And this is the same man who made "Audition"?
Yes, but don't worry: He just saves most of it for the second half. Rest assured, heads will roll, literally.
See the film
for its visuals, not for its story. Martial arts films rarely are imbued with much in the way of plot, and this one is no exception, pitting the titular lucky number of samurai against a power-mad ruler more arrogant than evil. Miike spends much of the first hour setting the pieces up on his expansive chessboard, and the second hour letting them fall where they may, in one glorious, extended battle sequence.
You expect swords, and you'll hear plenty of clanging, but perhaps not the archery and the flaming bulls. I'm not sure I've ever seen that latter element in a movie. That's about the only element of innovation; the rest is Asian Fighting Epics 101, but I mean that in a nice way. Miike's hour of power is so relentless, so real, you'll be as worn out as the warriors (but alive at the end). Blu-ray's crispness really sings its praises.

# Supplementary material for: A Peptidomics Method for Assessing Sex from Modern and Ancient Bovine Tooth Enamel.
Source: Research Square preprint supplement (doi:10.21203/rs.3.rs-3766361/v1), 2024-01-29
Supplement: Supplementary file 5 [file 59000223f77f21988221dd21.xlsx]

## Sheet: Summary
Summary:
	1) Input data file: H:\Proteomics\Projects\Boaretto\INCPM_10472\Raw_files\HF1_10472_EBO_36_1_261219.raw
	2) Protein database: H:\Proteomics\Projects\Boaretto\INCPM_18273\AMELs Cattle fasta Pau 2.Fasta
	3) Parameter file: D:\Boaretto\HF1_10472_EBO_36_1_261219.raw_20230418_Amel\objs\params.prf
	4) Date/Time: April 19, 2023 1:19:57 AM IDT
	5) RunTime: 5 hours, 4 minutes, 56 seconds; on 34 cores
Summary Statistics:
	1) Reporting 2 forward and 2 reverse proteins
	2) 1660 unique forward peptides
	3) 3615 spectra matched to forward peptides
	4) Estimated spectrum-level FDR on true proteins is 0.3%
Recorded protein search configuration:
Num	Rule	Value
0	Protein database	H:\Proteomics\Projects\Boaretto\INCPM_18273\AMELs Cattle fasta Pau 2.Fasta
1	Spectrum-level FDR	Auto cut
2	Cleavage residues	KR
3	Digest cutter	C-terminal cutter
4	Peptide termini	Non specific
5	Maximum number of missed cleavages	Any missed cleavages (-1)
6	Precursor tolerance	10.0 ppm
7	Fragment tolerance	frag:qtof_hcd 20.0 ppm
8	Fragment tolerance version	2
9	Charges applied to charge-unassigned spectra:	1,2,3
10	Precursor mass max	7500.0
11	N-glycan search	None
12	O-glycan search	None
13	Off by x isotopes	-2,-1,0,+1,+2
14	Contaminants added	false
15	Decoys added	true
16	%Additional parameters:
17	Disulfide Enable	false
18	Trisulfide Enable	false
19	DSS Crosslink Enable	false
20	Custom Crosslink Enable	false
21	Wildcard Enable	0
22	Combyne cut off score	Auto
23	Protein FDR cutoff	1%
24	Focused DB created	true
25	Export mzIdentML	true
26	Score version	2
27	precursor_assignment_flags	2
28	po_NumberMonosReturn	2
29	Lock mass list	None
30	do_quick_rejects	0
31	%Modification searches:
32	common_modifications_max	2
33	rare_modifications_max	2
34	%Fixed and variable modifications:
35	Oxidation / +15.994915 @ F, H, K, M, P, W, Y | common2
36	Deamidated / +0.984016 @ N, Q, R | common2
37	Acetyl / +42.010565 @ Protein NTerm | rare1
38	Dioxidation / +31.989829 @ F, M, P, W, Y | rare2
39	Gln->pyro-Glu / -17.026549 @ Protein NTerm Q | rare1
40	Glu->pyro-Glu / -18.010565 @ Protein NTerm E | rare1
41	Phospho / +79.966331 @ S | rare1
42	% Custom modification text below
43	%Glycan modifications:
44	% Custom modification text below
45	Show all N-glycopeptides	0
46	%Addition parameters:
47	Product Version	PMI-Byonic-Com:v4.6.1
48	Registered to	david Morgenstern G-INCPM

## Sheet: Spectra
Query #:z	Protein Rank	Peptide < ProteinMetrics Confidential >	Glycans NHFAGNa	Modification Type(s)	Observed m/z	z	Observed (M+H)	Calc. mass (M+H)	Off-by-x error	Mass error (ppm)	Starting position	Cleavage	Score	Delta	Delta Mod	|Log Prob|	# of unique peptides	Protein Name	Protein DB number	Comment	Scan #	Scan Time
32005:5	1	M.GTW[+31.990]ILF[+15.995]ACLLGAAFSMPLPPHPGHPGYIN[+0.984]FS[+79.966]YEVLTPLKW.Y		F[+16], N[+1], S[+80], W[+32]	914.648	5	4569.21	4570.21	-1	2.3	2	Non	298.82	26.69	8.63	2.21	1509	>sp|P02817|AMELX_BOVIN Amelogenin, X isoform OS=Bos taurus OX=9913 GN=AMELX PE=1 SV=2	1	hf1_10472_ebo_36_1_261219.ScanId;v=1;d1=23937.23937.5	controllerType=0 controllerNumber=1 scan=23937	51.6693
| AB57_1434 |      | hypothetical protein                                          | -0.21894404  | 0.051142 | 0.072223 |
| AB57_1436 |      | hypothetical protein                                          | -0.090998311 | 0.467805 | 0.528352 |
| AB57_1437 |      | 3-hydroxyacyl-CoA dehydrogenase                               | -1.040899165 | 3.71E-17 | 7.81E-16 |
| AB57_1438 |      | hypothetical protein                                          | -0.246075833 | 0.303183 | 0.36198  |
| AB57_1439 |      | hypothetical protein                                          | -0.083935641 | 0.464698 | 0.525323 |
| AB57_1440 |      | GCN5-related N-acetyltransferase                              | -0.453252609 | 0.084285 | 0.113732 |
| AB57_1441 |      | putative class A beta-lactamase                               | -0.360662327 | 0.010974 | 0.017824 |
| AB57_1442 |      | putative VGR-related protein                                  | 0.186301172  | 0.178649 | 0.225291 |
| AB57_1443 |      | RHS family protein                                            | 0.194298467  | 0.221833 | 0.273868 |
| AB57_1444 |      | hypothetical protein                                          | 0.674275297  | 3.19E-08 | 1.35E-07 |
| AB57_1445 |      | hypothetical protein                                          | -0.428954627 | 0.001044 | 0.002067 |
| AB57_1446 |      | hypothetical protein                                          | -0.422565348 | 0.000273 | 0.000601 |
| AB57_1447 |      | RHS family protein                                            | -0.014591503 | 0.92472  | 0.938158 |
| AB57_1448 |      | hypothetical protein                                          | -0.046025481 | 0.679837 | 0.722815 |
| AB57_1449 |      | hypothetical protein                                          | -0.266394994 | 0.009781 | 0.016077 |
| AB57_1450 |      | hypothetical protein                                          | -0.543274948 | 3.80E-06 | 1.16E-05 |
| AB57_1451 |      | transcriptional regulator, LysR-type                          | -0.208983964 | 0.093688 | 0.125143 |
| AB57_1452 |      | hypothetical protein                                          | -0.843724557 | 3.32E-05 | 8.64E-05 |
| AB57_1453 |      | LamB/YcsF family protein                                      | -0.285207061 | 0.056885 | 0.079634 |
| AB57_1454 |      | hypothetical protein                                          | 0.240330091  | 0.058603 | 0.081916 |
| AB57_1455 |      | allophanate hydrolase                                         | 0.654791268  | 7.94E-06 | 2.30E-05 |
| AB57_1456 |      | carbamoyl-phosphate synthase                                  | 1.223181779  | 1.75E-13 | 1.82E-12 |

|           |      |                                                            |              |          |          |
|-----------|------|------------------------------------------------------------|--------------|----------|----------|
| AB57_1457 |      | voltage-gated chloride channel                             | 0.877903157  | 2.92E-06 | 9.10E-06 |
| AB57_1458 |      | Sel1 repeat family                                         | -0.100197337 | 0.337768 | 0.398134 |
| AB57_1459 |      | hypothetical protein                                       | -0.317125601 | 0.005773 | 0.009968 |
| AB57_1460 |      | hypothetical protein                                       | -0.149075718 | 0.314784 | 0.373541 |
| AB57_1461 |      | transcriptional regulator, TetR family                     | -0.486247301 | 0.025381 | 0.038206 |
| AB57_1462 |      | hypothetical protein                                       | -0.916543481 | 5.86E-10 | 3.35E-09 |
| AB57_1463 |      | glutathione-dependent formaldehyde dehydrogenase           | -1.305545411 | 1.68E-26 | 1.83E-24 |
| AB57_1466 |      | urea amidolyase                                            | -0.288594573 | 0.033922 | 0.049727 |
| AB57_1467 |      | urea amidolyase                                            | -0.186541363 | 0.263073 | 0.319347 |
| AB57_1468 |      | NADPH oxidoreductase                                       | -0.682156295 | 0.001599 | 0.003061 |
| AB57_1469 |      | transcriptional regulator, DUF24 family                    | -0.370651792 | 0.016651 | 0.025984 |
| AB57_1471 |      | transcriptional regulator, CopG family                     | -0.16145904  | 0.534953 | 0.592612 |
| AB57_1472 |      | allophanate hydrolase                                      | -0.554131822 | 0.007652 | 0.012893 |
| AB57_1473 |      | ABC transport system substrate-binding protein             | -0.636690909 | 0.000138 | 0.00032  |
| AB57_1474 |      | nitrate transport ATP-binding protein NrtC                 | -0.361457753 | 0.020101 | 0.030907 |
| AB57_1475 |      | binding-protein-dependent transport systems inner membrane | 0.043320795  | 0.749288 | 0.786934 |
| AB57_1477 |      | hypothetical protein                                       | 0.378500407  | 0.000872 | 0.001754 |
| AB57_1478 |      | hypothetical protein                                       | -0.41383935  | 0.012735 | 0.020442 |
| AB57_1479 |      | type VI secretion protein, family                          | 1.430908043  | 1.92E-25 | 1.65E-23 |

By staying grounded in realism (save for maybe the rape victim toward the beginning; you'll know what I mean when you see it), "13 Assassins" is arguably Miike's most accessible work yet to wide audiences. Anyone familiar with even part of his schizophrenic filmography knows that's saying something. Rod Lott